Maqāma (Arabic: مقامة; pl. maqāmāt, مقامات; literally “assemblies”) are an (originally) Arabic literary genre of rhymed prose with intervals of poetry in which rhetorical extravagance is conspicuous. The 10th century author Badī’ al-Zaman al-Hamadhāni is said to have invented the form, which was extended by al-Hariri of Basra in the next century. Both authors’ maqāmāt center on trickster figures whose wanderings and exploits in speaking to assemblies of the powerful are conveyed by a narrator. The protagonist is a silver-tongued hustler, a rogue drifter who survives by dazzling onlookers with virtuoso displays of rhetorical acrobatics, including mastery of classical Arabic poetry (or of biblical Hebrew poetry and prose in the case of the Hebrew maqāmāt), and classical philosophy. Typically, there are 50 unrelated episodes in which the rogue character, often in disguise, tricks the narrator out of his money and leads him into various straitened, embarrassing, and even violent circumstances. Despite this serial abuse, the narrator-dupe character continues to seek out the trickster, fascinated by his rhetorical flow.
Manuscripts of al-Harīrī’s Maqāmāt, anecdotes of a roguish wanderer abu Zayd from Saruj, were frequently illustrated with miniatures. al-Hariri far exceeded the rhetorical stylistics of the genre’s innovator, al-Hamadhani, to such a degree that his maqamat were used as a textbook for rhetoric and lexicography (the cataloging of rare words from the Bedouin speech from the 7th and 8th centuries).
The maqama genre was also cultivated in Hebrew in Spain between beginning with Yehuda al-Harizi’s translation of al-Harīrī’s maqamat into Hebrew (ca. 1218 CE), which he titled mahberot itti’el (‘the maqamat of ‘Ittiel’). Two years later, he composed his own mahberot, titled Sefer Tahkemoni (‘The Book of Tahkemoni’). With this work, al-Harizi sought to raise the literary prestige of Hebrew to exceed that of Classical Arabic, just as the bulk of Iberian Jewry was finding itself living in a Spanish-speaking , Latin or Hebrew reading environment and Arabic was becoming less commonly studied and read.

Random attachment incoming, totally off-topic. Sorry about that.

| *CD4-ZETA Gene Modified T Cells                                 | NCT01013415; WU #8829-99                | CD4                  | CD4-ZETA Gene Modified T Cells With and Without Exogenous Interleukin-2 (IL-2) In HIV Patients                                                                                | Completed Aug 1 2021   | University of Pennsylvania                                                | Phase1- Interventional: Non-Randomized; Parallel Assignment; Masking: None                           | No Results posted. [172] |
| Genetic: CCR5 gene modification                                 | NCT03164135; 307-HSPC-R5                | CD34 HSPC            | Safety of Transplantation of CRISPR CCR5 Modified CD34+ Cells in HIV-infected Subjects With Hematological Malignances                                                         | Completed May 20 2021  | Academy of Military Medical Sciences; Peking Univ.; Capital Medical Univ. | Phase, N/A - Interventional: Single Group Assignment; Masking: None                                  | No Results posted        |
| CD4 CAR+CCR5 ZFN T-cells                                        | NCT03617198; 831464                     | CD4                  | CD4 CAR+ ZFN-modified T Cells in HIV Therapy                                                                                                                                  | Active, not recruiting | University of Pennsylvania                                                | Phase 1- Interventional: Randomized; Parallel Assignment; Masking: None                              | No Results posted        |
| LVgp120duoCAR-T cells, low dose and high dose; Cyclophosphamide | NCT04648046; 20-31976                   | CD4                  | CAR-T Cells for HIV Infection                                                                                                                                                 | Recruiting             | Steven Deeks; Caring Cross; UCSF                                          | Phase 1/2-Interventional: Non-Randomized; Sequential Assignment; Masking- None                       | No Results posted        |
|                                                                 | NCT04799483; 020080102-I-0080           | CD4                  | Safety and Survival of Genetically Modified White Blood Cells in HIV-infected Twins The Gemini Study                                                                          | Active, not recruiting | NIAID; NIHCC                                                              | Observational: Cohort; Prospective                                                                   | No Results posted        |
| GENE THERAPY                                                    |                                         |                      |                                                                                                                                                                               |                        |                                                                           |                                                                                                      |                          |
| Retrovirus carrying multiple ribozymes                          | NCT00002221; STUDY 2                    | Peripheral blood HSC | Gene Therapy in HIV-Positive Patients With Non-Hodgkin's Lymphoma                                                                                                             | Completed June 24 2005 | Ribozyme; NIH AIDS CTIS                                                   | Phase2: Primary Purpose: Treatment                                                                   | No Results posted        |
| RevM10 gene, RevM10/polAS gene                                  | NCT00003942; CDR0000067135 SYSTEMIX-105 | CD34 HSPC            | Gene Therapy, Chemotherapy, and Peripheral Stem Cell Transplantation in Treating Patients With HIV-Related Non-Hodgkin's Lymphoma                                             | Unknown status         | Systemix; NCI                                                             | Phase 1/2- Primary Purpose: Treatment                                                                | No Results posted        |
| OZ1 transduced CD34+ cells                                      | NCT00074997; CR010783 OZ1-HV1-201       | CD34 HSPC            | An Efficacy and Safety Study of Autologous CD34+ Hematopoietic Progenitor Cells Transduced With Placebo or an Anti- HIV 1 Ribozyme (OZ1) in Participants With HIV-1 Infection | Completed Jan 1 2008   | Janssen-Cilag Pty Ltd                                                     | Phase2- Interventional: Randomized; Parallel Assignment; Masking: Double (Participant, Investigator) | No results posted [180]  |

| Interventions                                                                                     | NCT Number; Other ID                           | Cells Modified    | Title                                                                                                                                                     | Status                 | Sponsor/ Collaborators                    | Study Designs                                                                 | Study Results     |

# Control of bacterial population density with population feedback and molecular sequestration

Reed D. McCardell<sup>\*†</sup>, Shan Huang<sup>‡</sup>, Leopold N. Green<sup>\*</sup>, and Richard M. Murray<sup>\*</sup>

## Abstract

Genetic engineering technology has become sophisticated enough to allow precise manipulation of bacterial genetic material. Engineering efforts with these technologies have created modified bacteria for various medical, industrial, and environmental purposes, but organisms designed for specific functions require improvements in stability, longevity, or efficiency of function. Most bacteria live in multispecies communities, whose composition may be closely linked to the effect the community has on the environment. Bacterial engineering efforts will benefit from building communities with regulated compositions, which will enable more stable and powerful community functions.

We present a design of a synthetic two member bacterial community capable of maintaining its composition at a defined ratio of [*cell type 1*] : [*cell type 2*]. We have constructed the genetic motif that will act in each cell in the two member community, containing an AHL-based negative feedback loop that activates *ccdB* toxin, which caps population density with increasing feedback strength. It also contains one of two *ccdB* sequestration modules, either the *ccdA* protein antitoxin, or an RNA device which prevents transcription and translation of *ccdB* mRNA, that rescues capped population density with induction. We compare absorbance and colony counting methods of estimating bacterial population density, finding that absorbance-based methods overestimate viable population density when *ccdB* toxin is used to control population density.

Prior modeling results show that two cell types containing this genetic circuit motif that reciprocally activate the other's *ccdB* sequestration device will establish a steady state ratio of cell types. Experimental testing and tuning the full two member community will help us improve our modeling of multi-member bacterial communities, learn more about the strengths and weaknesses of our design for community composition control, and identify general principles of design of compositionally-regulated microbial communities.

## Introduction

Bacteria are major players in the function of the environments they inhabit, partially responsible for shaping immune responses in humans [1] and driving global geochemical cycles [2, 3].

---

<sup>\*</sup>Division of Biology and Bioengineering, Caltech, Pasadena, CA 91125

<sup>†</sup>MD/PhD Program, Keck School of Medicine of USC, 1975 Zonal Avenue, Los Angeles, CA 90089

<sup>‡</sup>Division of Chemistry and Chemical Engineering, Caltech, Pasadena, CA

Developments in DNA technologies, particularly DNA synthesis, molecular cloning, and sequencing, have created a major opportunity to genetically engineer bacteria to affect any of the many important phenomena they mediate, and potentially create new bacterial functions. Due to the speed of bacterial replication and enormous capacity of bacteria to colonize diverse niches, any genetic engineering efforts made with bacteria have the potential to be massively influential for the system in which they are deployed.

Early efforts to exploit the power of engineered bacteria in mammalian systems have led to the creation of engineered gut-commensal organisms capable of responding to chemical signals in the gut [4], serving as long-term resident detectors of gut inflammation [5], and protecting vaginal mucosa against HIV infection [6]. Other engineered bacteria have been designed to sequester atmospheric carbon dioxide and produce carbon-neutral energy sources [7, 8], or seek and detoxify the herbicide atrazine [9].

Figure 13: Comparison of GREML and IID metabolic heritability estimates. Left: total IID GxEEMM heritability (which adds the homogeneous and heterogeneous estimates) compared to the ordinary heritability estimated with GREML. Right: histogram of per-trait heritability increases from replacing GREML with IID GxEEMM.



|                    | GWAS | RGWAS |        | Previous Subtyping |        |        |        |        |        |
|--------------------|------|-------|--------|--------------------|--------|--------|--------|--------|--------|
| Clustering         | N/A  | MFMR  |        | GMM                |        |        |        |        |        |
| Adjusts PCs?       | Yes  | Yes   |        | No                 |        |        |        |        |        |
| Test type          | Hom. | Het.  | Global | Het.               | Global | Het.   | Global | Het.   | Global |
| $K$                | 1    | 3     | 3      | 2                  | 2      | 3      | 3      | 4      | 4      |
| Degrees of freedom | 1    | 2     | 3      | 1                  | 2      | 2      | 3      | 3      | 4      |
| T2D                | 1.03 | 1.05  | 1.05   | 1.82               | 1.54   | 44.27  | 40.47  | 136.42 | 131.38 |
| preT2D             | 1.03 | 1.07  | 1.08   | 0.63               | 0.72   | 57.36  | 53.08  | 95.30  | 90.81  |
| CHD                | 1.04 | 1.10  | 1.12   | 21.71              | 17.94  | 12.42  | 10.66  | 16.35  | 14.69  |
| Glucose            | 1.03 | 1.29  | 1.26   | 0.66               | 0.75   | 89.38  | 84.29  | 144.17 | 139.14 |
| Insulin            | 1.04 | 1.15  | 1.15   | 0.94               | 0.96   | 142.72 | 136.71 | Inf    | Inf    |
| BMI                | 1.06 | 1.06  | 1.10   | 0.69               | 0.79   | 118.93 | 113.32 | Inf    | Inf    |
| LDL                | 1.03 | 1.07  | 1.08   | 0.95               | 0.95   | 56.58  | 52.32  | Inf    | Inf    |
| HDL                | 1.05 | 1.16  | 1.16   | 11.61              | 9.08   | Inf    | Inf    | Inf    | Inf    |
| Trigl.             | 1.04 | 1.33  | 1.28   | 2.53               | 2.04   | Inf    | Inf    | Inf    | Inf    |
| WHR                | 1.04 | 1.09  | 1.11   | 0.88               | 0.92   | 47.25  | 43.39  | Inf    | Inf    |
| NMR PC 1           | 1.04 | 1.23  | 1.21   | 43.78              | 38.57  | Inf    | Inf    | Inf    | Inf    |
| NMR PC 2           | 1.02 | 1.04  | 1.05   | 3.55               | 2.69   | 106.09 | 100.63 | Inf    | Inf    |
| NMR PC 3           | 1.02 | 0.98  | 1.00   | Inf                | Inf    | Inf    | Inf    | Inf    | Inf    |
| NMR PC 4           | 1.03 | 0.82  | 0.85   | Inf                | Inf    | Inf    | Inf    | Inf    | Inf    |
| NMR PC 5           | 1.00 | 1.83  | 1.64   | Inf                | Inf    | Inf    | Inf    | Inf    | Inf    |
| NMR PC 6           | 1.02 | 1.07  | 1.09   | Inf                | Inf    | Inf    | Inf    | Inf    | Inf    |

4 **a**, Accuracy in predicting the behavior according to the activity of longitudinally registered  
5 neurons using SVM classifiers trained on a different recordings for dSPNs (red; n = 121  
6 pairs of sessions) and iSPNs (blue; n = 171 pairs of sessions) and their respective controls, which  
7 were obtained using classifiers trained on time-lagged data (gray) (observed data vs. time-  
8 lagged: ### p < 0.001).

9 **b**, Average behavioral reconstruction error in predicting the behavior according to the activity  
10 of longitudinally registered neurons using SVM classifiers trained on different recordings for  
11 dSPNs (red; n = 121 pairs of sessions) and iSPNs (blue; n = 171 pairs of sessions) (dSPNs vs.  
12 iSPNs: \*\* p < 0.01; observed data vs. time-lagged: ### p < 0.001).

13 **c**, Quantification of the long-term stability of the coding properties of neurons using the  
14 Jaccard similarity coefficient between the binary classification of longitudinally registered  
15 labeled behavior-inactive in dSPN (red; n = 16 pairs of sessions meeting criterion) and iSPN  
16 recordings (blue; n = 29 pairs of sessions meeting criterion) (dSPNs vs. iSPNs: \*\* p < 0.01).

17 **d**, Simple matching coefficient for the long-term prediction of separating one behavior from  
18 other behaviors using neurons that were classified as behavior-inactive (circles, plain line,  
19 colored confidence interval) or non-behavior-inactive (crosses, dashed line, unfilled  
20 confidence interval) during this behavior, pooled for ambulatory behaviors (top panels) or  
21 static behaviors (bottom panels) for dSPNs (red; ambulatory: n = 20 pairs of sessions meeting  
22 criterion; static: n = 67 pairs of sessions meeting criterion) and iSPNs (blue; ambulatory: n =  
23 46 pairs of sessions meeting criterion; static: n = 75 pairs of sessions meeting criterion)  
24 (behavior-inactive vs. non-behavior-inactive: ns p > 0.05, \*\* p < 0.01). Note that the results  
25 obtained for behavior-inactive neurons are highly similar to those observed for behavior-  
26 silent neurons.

Later Hebrew maqamat made more significant departures, structurally and stylistically, from the classical Arabic maqamat of al-Hamadhani and al-Harīrī. Yosef ibn Zabara (end of 12th-beginning of 13th c. CE), a resident of Barcelona and Catalan speaker, wrote the Sefer sha’ashu’im (‘Book of Delights’), in which the author, the narrator, and the progonist are all ibn Zabara himself, and in which the episodes are arranged in linear, not cyclical fashion, in a way that anticipates the structure of Spanish picaresque novels such as the anonymous Lazarillo de Tormes (1535) and Guzmán de Alfarache (1599) by Mateo Alemán.